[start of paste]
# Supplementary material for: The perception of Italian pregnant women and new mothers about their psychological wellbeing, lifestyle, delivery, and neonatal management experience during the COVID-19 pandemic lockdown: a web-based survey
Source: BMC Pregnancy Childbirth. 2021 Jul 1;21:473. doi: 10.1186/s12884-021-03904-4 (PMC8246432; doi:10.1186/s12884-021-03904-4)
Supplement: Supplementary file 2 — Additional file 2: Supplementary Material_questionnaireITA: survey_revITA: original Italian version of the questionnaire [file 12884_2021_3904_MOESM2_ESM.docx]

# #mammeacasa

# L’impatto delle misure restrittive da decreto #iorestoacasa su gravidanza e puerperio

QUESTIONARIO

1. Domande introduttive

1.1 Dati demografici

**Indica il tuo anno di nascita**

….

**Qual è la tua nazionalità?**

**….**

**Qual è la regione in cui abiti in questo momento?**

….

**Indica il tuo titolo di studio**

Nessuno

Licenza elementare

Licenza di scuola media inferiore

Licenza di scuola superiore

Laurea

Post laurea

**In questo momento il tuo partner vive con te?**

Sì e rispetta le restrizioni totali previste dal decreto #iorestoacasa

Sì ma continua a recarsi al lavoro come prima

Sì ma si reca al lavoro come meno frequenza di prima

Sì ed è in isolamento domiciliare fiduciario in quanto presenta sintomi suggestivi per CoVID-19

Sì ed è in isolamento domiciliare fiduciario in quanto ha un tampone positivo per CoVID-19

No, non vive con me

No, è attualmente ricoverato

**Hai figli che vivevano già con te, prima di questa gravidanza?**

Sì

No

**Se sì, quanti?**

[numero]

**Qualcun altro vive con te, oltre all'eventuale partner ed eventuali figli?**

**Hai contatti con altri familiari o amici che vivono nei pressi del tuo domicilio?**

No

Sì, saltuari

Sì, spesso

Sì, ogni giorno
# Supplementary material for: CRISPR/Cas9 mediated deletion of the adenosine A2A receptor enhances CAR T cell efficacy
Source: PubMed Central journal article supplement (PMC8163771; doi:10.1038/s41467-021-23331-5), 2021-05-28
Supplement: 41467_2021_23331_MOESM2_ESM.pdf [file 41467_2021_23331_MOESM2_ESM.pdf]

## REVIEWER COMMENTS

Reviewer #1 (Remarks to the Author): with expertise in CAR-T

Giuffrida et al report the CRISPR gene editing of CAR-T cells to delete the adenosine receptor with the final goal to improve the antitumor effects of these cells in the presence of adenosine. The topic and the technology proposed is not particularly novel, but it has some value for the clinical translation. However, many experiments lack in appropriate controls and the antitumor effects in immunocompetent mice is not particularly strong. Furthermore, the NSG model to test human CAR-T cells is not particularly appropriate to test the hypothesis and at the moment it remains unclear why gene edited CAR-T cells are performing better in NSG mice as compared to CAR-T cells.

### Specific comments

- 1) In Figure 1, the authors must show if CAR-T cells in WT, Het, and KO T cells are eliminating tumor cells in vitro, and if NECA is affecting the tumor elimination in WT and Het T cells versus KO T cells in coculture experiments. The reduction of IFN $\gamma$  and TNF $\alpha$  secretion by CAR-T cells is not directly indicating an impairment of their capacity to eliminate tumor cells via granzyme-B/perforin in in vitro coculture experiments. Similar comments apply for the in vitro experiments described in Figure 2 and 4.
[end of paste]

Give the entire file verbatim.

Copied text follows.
# Supplementary material for: The perception of Italian pregnant women and new mothers about their psychological wellbeing, lifestyle, delivery, and neonatal management experience during the COVID-19 pandemic lockdown: a web-based survey
Source: BMC Pregnancy Childbirth. 2021 Jul 1;21:473. doi: 10.1186/s12884-021-03904-4 (PMC8246432; doi:10.1186/s12884-021-03904-4)
Supplement: Supplementary file 2 — Additional file 2: Supplementary Material_questionnaireITA: survey_revITA: original Italian version of the questionnaire [file 12884_2021_3904_MOESM2_ESM.docx]

# #mammeacasa

# L’impatto delle misure restrittive da decreto #iorestoacasa su gravidanza e puerperio

QUESTIONARIO

1. Domande introduttive

1.1 Dati demografici

**Indica il tuo anno di nascita**

….

**Qual è la tua nazionalità?**

**….**

**Qual è la regione in cui abiti in questo momento?**

….

**Indica il tuo titolo di studio**

Nessuno

Licenza elementare

Licenza di scuola media inferiore

Licenza di scuola superiore

Laurea

Post laurea

**In questo momento il tuo partner vive con te?**

Sì e rispetta le restrizioni totali previste dal decreto #iorestoacasa

Sì ma continua a recarsi al lavoro come prima

Sì ma si reca al lavoro come meno frequenza di prima

Sì ed è in isolamento domiciliare fiduciario in quanto presenta sintomi suggestivi per CoVID-19

Sì ed è in isolamento domiciliare fiduciario in quanto ha un tampone positivo per CoVID-19

No, non vive con me

No, è attualmente ricoverato

**Hai figli che vivevano già con te, prima di questa gravidanza?**

Sì

No

**Se sì, quanti?**

[numero]

**Qualcun altro vive con te, oltre all'eventuale partner ed eventuali figli?**

**Hai contatti con altri familiari o amici che vivono nei pressi del tuo domicilio?**

No

Sì, saltuari

Sì, spesso

Sì, ogni giorno
# Supplementary material for: CRISPR/Cas9 mediated deletion of the adenosine A2A receptor enhances CAR T cell efficacy
Source: PubMed Central journal article supplement (PMC8163771; doi:10.1038/s41467-021-23331-5), 2021-05-28
Supplement: 41467_2021_23331_MOESM2_ESM.pdf [file 41467_2021_23331_MOESM2_ESM.pdf]

## REVIEWER COMMENTS

Reviewer #1 (Remarks to the Author): with expertise in CAR-T

Giuffrida et al report the CRISPR gene editing of CAR-T cells to delete the adenosine receptor with the final goal to improve the antitumor effects of these cells in the presence of adenosine. The topic and the technology proposed is not particularly novel, but it has some value for the clinical translation. However, many experiments lack in appropriate controls and the antitumor effects in immunocompetent mice is not particularly strong. Furthermore, the NSG model to test human CAR-T cells is not particularly appropriate to test the hypothesis and at the moment it remains unclear why gene edited CAR-T cells are performing better in NSG mice as compared to CAR-T cells.

### Specific comments

- 1) In Figure 1, the authors must show if CAR-T cells in WT, Het, and KO T cells are eliminating tumor cells in vitro, and if NECA is affecting the tumor elimination in WT and Het T cells versus KO T cells in coculture experiments. The reduction of IFN $\gamma$  and TNF $\alpha$  secretion by CAR-T cells is not directly indicating an impairment of their capacity to eliminate tumor cells via granzyme-B/perforin in in vitro coculture experiments. Similar comments apply for the in vitro experiments described in Figure 2 and 4.